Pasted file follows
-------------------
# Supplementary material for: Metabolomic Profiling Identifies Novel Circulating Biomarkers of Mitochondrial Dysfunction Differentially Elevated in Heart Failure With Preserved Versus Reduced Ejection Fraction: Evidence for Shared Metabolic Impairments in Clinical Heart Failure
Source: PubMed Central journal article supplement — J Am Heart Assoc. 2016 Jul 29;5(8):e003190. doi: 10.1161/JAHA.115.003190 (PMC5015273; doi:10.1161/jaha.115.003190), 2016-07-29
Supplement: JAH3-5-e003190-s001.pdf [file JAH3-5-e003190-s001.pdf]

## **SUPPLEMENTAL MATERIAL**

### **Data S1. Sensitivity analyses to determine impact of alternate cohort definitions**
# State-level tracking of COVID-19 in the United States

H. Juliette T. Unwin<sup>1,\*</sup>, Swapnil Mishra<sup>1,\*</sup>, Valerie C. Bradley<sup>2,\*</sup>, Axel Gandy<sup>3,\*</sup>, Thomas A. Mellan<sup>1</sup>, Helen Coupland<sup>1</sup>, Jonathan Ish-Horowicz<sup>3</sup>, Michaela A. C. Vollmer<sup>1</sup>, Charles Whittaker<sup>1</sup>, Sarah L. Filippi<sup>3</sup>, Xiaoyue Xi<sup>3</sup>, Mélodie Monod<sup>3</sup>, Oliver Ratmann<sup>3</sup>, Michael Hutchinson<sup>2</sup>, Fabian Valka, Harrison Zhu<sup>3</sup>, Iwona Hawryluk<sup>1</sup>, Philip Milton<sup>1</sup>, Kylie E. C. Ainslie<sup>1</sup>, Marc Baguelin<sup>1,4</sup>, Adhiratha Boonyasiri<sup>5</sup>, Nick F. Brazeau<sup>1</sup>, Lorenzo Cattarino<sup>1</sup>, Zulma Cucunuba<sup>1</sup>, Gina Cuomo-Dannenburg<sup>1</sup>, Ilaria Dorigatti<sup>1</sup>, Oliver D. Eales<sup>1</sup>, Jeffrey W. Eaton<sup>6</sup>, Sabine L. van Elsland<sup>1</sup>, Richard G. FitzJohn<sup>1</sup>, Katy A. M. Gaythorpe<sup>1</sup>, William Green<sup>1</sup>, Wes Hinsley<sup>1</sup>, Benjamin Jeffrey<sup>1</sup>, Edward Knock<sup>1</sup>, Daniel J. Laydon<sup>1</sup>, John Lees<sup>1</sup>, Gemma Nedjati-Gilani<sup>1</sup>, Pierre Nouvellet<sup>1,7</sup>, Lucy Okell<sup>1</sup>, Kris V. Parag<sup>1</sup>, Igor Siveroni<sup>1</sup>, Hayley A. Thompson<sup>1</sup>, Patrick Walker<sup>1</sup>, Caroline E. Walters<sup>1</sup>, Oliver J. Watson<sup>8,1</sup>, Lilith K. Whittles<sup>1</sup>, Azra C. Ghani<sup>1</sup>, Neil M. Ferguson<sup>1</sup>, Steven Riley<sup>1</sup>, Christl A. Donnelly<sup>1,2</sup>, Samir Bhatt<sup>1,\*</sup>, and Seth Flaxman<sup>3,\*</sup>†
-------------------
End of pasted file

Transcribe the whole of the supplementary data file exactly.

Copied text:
# Supplementary material for: Metabolomic Profiling Identifies Novel Circulating Biomarkers of Mitochondrial Dysfunction Differentially Elevated in Heart Failure With Preserved Versus Reduced Ejection Fraction: Evidence for Shared Metabolic Impairments in Clinical Heart Failure
Source: PubMed Central journal article supplement — J Am Heart Assoc. 2016 Jul 29;5(8):e003190. doi: 10.1161/JAHA.115.003190 (PMC5015273; doi:10.1161/jaha.115.003190), 2016-07-29
Supplement: JAH3-5-e003190-s001.pdf [file JAH3-5-e003190-s001.pdf]

## **SUPPLEMENTAL MATERIAL**

### **Data S1. Sensitivity analyses to determine impact of alternate cohort definitions**
# State-level tracking of COVID-19 in the United States

H. Juliette T. Unwin<sup>1,\*</sup>, Swapnil Mishra<sup>1,\*</sup>, Valerie C. Bradley<sup>2,\*</sup>, Axel Gandy<sup>3,\*</sup>, Thomas A. Mellan<sup>1</sup>, Helen Coupland<sup>1</sup>, Jonathan Ish-Horowicz<sup>3</sup>, Michaela A. C. Vollmer<sup>1</sup>, Charles Whittaker<sup>1</sup>, Sarah L. Filippi<sup>3</sup>, Xiaoyue Xi<sup>3</sup>, Mélodie Monod<sup>3</sup>, Oliver Ratmann<sup>3</sup>, Michael Hutchinson<sup>2</sup>, Fabian Valka, Harrison Zhu<sup>3</sup>, Iwona Hawryluk<sup>1</sup>, Philip Milton<sup>1</sup>, Kylie E. C. Ainslie<sup>1</sup>, Marc Baguelin<sup>1,4</sup>, Adhiratha Boonyasiri<sup>5</sup>, Nick F. Brazeau<sup>1</sup>, Lorenzo Cattarino<sup>1</sup>, Zulma Cucunuba<sup>1</sup>, Gina Cuomo-Dannenburg<sup>1</sup>, Ilaria Dorigatti<sup>1</sup>, Oliver D. Eales<sup>1</sup>, Jeffrey W. Eaton<sup>6</sup>, Sabine L. van Elsland<sup>1</sup>, Richard G. FitzJohn<sup>1</sup>, Katy A. M. Gaythorpe<sup>1</sup>, William Green<sup>1</sup>, Wes Hinsley<sup>1</sup>, Benjamin Jeffrey<sup>1</sup>, Edward Knock<sup>1</sup>, Daniel J. Laydon<sup>1</sup>, John Lees<sup>1</sup>, Gemma Nedjati-Gilani<sup>1</sup>, Pierre Nouvellet<sup>1,7</sup>, Lucy Okell<sup>1</sup>, Kris V. Parag<sup>1</sup>, Igor Siveroni<sup>1</sup>, Hayley A. Thompson<sup>1</sup>, Patrick Walker<sup>1</sup>, Caroline E. Walters<sup>1</sup>, Oliver J. Watson<sup>8,1</sup>, Lilith K. Whittles<sup>1</sup>, Azra C. Ghani<sup>1</sup>, Neil M. Ferguson<sup>1</sup>, Steven Riley<sup>1</sup>, Christl A. Donnelly<sup>1,2</sup>, Samir Bhatt<sup>1,\*</sup>, and Seth Flaxman<sup>3,\*</sup>†